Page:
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CRG joins international efforts to protect human health from effects of harmful chemicals


Thu, 11/03/2021 - 10:17

CRG joins international efforts to protect human health from effects of harmful chemicals

Pictured: Roderic Guigó, who will lead the CRG's contributions to the international consortium

The Centre for Genomic Regulation (CRG) is part of a major international research project to shape regulation and policy on chemical safety without the use of animal testing. The project has been launched today thanks to €19.3M funding from the European Commission.

Led by the University of Birmingham, PrecisionTox is a consortium of 15 European and US organisations which aim to protect human health from the toxic effects of chemicals found in people’s homes, food and the environment. Alongside Leitat Technological Centre, the CRG is one of two Spanish organisations involved in the international consortium.

The consortium will use genetics, genomics, metabolomics and the study of evolution to investigate the toxicity of hundreds of chemicals and explore how they disrupt the biological processes that are fundamental to health. Combined with law, these approaches will open up a new field of precision toxicology that will transform approaches to chemical safety management in the same way that precision medicine is informing healthcare. In particular, it is expected that precision toxicology will be instrumental in shaping policy and regulation of this field.

Crucially, the research will be carried out without using mammalian animal testing, focusing instead on non-sentient organisms such as fruit flies, water fleas, round worms and embryos of zebrafish and frogs.

The small size and fast development of these organisms allow chemical testing to be done rapidly. And because the genomes of all these organisms are decoded along with human genomes, many of these measurements are expected to reveal genetic and metabolic pathways shared with humans. Once these are understood, it will be possible to measure the effects of chemicals in non-sentient organisms and use that information to predict the likely effects in humans.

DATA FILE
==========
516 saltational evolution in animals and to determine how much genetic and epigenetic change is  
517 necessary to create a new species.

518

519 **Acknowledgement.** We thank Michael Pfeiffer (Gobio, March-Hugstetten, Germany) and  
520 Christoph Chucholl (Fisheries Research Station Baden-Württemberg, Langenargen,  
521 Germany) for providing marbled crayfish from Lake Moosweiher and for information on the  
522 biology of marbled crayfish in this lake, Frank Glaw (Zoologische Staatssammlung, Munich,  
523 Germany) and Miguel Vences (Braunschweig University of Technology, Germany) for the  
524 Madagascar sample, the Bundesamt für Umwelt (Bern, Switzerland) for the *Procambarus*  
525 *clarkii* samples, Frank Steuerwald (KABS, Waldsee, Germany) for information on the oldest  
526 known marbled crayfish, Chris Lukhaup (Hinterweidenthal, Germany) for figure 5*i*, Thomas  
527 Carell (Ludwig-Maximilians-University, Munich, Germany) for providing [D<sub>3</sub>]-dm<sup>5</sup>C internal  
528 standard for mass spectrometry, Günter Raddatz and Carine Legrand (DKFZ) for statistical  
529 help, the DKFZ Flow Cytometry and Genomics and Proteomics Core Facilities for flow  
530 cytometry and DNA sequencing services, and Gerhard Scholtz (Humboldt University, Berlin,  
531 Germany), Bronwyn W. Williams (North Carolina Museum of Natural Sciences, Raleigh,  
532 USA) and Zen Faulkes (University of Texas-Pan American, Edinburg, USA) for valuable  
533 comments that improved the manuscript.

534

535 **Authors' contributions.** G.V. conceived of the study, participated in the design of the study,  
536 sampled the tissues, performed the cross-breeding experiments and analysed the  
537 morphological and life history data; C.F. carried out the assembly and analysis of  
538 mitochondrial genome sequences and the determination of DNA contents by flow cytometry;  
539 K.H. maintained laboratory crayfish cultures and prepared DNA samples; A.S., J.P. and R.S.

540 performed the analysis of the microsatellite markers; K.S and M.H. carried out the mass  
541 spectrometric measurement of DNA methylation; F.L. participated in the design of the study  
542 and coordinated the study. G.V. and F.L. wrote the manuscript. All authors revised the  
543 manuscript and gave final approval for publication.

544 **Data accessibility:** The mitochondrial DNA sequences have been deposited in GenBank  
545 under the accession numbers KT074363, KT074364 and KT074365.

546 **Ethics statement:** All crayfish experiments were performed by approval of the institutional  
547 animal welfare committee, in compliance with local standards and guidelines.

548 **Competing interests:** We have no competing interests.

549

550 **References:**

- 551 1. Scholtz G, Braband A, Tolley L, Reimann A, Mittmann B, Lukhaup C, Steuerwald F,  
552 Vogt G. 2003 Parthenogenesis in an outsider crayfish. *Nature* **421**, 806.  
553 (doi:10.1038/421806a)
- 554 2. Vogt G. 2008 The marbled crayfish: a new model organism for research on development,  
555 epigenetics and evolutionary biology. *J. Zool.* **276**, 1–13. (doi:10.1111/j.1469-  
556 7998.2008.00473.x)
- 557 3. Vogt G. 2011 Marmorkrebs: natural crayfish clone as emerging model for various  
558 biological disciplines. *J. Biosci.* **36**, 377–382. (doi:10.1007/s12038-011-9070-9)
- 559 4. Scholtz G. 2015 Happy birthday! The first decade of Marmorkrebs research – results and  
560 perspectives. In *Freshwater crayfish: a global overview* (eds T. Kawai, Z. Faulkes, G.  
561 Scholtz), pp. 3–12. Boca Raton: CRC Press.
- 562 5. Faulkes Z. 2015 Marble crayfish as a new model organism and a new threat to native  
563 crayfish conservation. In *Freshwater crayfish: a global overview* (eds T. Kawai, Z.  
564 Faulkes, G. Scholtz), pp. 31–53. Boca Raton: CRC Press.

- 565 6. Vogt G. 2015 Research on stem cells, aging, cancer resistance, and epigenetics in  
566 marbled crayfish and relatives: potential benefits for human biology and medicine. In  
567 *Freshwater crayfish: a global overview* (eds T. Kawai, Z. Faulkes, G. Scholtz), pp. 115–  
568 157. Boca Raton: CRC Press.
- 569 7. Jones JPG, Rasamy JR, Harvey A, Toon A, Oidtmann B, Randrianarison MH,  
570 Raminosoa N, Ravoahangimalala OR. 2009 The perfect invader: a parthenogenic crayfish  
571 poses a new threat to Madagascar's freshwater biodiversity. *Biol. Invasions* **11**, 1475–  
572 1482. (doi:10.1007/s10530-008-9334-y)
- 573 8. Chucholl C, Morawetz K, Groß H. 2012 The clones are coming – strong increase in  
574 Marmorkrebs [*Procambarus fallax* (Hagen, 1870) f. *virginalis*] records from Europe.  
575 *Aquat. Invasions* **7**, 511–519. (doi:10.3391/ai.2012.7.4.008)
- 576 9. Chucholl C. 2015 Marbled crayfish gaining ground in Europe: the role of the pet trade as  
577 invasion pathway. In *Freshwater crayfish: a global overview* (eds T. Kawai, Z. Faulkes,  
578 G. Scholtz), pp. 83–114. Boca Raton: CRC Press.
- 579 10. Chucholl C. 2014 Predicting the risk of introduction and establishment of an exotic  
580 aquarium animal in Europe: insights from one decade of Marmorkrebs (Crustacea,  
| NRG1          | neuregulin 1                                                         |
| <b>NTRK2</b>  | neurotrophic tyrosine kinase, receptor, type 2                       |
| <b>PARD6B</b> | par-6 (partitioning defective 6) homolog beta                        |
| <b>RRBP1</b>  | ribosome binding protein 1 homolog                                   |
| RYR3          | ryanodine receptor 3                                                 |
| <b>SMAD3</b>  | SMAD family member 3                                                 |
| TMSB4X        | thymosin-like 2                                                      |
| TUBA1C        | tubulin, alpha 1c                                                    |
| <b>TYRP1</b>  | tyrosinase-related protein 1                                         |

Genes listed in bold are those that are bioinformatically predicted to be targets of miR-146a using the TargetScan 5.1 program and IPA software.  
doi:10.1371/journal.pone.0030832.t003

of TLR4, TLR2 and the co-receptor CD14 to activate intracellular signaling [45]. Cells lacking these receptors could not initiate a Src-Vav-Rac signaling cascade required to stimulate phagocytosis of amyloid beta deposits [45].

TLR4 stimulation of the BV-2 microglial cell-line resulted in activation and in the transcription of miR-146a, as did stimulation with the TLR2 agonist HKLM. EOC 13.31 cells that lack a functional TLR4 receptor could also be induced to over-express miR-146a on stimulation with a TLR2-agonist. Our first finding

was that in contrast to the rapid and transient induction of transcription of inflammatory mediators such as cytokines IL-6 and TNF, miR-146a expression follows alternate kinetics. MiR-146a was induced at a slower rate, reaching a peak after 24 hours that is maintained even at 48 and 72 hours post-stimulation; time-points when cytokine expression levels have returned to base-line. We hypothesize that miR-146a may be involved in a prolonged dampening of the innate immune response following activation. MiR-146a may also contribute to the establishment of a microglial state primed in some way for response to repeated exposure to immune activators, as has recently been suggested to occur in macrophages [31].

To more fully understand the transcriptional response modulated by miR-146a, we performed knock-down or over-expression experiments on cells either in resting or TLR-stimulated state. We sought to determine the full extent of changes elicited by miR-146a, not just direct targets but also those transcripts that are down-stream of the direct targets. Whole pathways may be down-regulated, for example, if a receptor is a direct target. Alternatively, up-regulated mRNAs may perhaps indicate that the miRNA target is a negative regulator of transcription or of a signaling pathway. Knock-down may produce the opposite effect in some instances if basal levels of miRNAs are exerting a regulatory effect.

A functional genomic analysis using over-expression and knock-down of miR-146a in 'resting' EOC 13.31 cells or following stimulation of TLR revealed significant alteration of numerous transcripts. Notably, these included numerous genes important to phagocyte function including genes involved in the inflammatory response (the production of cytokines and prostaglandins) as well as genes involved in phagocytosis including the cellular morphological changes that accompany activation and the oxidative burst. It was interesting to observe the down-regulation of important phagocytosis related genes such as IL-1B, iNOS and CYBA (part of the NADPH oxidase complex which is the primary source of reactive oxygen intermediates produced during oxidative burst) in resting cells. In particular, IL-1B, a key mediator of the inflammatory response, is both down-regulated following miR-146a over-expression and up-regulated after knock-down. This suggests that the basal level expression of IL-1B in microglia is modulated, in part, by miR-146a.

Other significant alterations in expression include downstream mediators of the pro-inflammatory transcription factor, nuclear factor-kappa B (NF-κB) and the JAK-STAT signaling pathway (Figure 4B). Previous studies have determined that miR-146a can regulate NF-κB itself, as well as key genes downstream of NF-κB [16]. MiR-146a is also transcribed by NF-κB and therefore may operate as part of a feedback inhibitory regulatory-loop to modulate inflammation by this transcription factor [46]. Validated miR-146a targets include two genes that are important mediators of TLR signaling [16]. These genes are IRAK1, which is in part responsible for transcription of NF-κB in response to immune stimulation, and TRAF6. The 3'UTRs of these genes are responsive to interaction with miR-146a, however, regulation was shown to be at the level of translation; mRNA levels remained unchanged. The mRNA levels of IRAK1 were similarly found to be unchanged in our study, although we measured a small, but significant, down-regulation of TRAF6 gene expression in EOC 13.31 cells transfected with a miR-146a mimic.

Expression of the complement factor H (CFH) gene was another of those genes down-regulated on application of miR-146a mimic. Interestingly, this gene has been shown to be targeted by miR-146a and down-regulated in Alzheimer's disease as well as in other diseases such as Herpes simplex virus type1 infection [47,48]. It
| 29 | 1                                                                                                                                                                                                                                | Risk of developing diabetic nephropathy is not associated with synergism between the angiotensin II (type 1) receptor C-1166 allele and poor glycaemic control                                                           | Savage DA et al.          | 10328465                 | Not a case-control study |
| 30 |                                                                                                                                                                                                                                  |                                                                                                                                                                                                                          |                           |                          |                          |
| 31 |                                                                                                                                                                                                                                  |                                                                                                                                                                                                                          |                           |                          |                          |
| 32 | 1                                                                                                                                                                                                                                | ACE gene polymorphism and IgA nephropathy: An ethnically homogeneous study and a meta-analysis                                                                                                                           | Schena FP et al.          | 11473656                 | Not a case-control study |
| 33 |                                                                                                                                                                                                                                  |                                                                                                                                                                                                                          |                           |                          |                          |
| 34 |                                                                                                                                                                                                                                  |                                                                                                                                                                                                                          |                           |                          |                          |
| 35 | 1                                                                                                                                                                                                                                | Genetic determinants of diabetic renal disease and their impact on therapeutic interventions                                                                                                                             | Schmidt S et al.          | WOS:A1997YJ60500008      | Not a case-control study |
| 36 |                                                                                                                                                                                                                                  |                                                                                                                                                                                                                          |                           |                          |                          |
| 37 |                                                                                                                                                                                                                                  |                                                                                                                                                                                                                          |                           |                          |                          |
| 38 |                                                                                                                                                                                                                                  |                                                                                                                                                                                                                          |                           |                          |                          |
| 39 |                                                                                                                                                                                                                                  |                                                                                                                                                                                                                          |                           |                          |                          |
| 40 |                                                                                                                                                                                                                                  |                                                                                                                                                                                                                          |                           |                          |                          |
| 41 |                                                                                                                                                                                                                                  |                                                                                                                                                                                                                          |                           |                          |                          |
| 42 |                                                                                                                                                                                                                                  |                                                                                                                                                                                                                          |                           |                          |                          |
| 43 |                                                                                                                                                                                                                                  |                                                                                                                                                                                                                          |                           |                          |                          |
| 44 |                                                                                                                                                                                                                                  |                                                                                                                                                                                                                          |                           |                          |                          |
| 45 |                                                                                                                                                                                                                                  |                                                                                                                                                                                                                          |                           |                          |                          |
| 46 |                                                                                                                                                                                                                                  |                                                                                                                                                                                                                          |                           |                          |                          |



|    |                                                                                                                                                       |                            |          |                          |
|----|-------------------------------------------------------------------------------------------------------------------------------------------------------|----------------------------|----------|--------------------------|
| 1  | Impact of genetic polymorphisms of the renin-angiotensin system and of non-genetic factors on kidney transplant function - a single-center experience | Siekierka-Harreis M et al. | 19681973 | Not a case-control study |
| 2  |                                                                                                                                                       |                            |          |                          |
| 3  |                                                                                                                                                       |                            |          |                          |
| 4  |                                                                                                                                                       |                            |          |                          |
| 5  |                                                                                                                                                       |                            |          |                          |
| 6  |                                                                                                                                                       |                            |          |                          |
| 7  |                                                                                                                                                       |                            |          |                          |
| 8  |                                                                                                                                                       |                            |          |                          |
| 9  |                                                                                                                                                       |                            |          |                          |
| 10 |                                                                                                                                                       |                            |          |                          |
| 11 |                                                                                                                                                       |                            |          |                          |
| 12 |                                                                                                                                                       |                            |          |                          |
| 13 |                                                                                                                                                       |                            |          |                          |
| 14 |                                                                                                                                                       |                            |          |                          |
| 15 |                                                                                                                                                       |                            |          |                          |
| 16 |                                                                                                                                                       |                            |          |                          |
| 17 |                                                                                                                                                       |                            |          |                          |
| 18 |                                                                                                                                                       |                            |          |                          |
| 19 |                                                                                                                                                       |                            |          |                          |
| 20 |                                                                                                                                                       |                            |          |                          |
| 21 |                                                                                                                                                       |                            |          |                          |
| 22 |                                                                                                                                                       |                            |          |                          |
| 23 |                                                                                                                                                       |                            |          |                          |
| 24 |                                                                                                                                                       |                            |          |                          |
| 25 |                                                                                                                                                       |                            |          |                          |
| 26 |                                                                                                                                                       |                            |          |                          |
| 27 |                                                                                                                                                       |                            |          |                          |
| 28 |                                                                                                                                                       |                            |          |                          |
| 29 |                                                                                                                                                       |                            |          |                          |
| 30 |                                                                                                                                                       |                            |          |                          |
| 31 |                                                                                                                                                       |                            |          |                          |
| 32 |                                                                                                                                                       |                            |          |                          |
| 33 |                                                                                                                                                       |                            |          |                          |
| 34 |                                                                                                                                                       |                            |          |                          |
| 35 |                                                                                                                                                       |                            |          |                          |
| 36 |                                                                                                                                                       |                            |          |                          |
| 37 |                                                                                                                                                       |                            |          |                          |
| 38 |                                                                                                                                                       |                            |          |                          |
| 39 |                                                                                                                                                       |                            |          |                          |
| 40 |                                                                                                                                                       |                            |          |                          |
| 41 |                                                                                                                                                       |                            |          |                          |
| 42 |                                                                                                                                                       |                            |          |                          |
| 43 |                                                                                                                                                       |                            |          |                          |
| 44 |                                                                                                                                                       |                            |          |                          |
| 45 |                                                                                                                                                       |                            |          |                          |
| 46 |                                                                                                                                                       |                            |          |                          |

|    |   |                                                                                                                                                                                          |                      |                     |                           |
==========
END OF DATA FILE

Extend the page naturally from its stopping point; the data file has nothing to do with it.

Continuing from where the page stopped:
According to Roderic Guigó, Group Leader at the CRG and Coordinator of the Bioinformatics and Genomics research programme, “the CRG will bring expertise in transcriptomics and comparative genomics to the project. In particular, we will develop methods to predict compound toxicity in humans based on the observed toxicity in non-sentient organisms. We are proud to contribute to research aiming to maximize human well being while minimizing animal suffering.”

John Colbourne, of the University of Birmingham, leads PrecisionTox. He says: “Because humans share many genes with these organisms by evolution, we can use them to map the genetic and metabolic pathways that are also important for human health. This shared biology will help us understand how these genetic connections and interactions can be affected by chemicals in the environment – and that will help us better protect the health of all animals, including humans.”

By using non-sentient organisms, PrecisionTox is participating in a global effort to replace current animal experiments with more reliable tests to assess the health risks of chemicals worldwide.

The methods developed by the consortium will enable harmful chemicals to be classified as carcinogens, hormonal disrupters, neurotoxins and other disease-causing agents using reliable molecular toxicity measurements. This will offer a faster and cheaper alternative to animal testing that will help industry to design safer chemicals and also provide biomarkers of toxicity to detect and control harmful chemicals that are already in the environment.

Richard Fuller who founded Pure Earth and coauthored the 2017 Lancet Commission report on health and pollution, welcomes the project. He says: “Pollution accounts for one in nine deaths world-wide, yet there have been too few major initiatives to fingerprint the offending chemicals until now”.